'R' driver caught doing more than double her restricted speed claims she regularly receives 'abuse' from other drivers when sticking to 45mph on motorway

'R' driver caught doing more than double her restricted speed claims she regularly receives 'abuse' from other drivers when sticking to 45mph on motorway

A JUDGE issued a court warning after an 'R' driver caught doing more than twice her permitted speed was given a two months road ban.

Lucy Carmichael (18), of Knock Eden Avenue, Ballymoney, was detected driving a Mini Cooper at 94mph on the M2 motorway near Antrim town despite being restricted to 45mph as a new driver.

She appeared at Antrim Magistrates Court, sitting in Ballymena, and admitted the charge relating to 3pm on March 30 this year.

The court heard the defendant told police she "didn't mean" to be doing such a speed but she had been overtaking "a trailer" and "regretted it".

She had passed her test last August.

Defence barrister Michael Smyth said the defendant drives to Belfast to go to a college beauty course which has exams coming up and she also works part-time in The Salthouse Hotel in Ballycastle.

Mr Smyth told the court: "She has in the past found it difficult to drive on the motorway because of her R plates because of the behaviour of other drivers around her.

"If she does adhere to the speed limit she is subject to she has had lights flashed at her; gestures made; horns blared, because she is seen by other drivers on the motorway to be driving 'excessively slowly'."

On March 30, the lawyer said, the defendant pulled out to overtake a "slow moving vehicle and again lights were flashed at her from behind and she felt compelled to speed up to a speed that she wasn't comfortable with".

The barrister said the defendant may now take an "alternative route" off the motorway until she is out of her R plates "to avoid the type of behaviour that I have outlined other drivers subjected her to".

He said it was a "learning curve" for young drivers to be able to "resist" the behaviour of other motorists.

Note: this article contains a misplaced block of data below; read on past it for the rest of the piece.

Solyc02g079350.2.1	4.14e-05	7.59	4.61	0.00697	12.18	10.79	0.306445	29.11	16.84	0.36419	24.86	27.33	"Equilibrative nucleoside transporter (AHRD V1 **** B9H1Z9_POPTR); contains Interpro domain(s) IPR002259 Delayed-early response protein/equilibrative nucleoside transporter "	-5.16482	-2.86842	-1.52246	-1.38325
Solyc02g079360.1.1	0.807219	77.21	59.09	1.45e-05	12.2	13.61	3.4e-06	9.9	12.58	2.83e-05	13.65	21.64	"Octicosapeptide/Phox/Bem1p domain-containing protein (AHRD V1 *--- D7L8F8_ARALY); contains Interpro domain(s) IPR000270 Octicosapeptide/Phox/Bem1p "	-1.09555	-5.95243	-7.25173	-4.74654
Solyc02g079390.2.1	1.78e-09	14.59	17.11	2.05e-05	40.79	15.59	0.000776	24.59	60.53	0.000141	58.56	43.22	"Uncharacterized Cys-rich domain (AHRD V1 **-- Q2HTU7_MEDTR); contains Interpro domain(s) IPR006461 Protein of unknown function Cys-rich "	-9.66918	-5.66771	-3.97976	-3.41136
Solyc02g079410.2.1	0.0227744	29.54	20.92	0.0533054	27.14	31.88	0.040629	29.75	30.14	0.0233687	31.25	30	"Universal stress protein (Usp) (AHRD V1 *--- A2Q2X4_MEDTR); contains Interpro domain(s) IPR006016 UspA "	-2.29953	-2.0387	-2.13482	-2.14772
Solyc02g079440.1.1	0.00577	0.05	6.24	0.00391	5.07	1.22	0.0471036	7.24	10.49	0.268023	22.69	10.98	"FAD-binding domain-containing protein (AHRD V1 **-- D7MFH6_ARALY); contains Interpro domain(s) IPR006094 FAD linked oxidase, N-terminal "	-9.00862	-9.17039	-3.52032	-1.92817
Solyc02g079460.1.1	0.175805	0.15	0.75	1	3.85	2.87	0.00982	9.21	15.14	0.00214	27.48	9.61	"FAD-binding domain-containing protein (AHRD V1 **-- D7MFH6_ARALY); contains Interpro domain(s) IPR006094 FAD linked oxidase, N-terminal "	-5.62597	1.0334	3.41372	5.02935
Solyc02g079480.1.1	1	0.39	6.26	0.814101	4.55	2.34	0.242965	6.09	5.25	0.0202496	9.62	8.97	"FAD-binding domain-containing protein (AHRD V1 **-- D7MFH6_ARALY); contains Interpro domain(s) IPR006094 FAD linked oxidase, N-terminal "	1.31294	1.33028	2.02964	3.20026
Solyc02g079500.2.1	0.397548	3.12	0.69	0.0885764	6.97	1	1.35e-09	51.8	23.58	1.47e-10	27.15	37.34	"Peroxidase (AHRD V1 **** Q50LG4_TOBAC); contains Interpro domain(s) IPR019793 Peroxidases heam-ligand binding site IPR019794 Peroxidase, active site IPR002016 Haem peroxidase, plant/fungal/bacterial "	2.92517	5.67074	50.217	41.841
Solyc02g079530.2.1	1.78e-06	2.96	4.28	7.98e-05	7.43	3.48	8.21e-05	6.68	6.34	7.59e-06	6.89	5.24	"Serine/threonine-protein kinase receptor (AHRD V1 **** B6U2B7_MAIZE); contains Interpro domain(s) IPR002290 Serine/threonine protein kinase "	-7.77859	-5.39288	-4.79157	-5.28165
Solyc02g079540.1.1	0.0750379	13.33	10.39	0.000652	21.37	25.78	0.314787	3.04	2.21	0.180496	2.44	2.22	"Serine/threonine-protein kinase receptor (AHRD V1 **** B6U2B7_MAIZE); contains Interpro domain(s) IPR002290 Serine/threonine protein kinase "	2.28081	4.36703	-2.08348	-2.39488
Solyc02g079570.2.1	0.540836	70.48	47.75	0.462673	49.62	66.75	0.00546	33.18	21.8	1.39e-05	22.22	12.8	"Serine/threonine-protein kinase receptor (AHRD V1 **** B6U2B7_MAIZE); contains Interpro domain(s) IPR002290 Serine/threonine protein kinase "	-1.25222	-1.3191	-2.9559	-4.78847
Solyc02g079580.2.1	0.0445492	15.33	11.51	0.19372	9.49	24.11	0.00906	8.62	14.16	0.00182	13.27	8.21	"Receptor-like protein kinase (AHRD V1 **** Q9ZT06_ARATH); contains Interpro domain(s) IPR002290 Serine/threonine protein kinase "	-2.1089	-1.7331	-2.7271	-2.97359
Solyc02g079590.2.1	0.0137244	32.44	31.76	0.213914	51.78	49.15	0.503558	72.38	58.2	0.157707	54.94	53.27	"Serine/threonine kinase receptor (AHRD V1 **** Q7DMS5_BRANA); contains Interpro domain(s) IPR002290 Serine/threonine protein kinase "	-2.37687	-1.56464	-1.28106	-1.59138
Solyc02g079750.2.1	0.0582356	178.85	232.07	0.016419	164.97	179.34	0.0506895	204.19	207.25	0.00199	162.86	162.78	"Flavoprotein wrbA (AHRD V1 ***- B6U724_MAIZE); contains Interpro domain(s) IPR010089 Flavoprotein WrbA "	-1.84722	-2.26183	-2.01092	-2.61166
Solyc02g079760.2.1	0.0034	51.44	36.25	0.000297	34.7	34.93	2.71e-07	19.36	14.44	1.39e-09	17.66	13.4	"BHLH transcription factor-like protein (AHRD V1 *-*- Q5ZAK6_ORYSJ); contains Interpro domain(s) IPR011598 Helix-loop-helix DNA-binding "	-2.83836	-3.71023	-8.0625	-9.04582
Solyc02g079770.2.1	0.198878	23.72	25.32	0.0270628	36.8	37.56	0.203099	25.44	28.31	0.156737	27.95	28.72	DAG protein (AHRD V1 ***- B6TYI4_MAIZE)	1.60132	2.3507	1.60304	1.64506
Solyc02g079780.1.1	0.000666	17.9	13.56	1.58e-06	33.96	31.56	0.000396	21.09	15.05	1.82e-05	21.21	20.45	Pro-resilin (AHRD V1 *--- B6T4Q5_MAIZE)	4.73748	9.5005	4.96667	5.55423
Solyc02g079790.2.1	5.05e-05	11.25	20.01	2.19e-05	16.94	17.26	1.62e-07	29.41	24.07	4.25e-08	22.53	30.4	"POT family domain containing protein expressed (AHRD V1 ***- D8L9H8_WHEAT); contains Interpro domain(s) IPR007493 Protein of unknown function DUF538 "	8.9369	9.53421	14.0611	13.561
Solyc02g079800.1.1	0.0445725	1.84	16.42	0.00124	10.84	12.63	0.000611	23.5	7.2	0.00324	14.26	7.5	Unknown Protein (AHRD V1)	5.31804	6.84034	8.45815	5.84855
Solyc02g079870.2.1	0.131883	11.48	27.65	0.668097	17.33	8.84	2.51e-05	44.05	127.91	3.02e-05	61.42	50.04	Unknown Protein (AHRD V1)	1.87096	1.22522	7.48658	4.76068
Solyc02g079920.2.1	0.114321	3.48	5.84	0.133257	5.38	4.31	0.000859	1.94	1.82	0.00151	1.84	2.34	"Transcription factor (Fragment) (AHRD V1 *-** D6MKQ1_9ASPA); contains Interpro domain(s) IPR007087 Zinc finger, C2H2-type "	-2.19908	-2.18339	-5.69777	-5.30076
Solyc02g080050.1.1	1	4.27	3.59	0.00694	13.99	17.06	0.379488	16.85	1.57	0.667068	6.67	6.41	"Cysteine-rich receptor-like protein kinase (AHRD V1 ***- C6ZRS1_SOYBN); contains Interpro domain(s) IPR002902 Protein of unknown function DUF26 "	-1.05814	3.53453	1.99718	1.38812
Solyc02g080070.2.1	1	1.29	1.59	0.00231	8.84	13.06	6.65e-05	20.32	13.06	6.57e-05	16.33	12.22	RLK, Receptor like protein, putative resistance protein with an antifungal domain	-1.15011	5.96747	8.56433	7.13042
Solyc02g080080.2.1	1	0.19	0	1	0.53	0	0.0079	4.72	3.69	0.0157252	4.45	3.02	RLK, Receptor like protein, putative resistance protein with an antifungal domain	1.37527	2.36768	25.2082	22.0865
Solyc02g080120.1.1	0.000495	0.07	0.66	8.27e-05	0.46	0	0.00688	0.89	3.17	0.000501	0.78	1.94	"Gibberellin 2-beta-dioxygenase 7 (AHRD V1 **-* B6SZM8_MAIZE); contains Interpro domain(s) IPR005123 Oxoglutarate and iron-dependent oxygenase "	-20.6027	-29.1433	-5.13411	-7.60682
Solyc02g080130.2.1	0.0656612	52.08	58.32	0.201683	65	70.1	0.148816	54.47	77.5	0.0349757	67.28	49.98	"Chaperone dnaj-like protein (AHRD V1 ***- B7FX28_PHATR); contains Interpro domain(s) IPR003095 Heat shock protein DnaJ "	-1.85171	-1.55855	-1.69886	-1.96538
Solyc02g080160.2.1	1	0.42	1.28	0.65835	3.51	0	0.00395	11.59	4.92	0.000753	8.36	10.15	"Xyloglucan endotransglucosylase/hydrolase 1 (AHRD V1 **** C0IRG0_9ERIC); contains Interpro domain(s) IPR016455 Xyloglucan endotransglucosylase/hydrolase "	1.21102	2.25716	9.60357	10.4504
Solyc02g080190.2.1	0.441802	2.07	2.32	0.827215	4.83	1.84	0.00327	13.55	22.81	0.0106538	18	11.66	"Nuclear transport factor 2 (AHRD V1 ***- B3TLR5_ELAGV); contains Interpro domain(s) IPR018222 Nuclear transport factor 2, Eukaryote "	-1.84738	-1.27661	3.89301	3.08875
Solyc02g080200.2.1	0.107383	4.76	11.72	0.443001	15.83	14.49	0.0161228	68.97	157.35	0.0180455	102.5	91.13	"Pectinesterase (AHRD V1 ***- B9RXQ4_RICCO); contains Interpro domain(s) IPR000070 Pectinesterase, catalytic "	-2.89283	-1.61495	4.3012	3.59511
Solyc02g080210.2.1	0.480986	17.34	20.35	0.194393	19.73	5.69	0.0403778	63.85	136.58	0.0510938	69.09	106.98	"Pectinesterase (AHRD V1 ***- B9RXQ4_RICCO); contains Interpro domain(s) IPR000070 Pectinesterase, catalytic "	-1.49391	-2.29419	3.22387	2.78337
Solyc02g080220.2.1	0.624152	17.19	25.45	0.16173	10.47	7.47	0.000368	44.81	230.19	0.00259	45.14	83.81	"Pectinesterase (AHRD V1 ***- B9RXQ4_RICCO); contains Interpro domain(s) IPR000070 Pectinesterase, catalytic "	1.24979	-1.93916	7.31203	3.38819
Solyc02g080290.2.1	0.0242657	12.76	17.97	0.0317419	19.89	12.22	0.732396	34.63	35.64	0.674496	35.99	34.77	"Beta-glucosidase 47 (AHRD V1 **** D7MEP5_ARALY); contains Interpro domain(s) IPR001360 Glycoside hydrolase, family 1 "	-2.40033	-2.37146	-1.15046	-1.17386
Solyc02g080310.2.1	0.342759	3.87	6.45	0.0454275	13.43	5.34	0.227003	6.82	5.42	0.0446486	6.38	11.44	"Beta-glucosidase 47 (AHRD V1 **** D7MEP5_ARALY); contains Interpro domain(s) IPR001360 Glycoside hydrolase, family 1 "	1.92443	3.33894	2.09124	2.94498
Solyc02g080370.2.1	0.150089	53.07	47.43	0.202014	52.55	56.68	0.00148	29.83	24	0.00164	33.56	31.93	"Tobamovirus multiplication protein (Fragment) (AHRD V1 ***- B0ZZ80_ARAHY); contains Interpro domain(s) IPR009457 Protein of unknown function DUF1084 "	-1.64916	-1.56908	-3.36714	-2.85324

He said her "employment prospects" would be "greatly damaged" by any road ban.

Deputy District Judge Austin Kennedy said it "staggers me sometimes" the number of R drivers in "small cars" travelling at "excessive speeds".

He added: "They just fly past you and if there had been a collision there is absolutely no chance of survival".

The judge said he "certainly couldn't control my vehicle at 94".

Judge Kennedy said speeding was "endemic" and it is "unbelievable what is happening".

He continued: "Whether young drivers don't know the dangers but if you spoke to someone who has lost someone as a result of road traffic accidents you would be very quickly aware."

Judge Kennedy said people who "get a knock on the door" to say a relative has been killed in a road traffic accident "never forget it".

He said he took a "stern view" in speeding cases because of the risk of serious injury and death to the driver and others.

Judge Kennedy said the defendant had been travelling at an "appalling speed".

He added: "If you speak to someone, or some family member who have lost someone as a result of a road traffic accident  you will realise very, very, quickly that once this happens there is no going back".

The judge banned the defendant from driving for two months along with a £300 fine so she could "learn your lesson and the message can go out that this has to stop because there are far too many deaths on the roads in Northern Ireland at this stage".

Judge Kennedy said he accepted it was "hard not to travel at 45mph" and accepted on a motorway other road users are "very, very, impatient and abusive to some extent but the law still requires you to travel at 45".

Bail was fixed for appeal in the sum of £300 with permission to drive.

  • Main picture: General image of the Rathbeg area where the speed was detected on the M2 motorway. Picture: Google Streetview.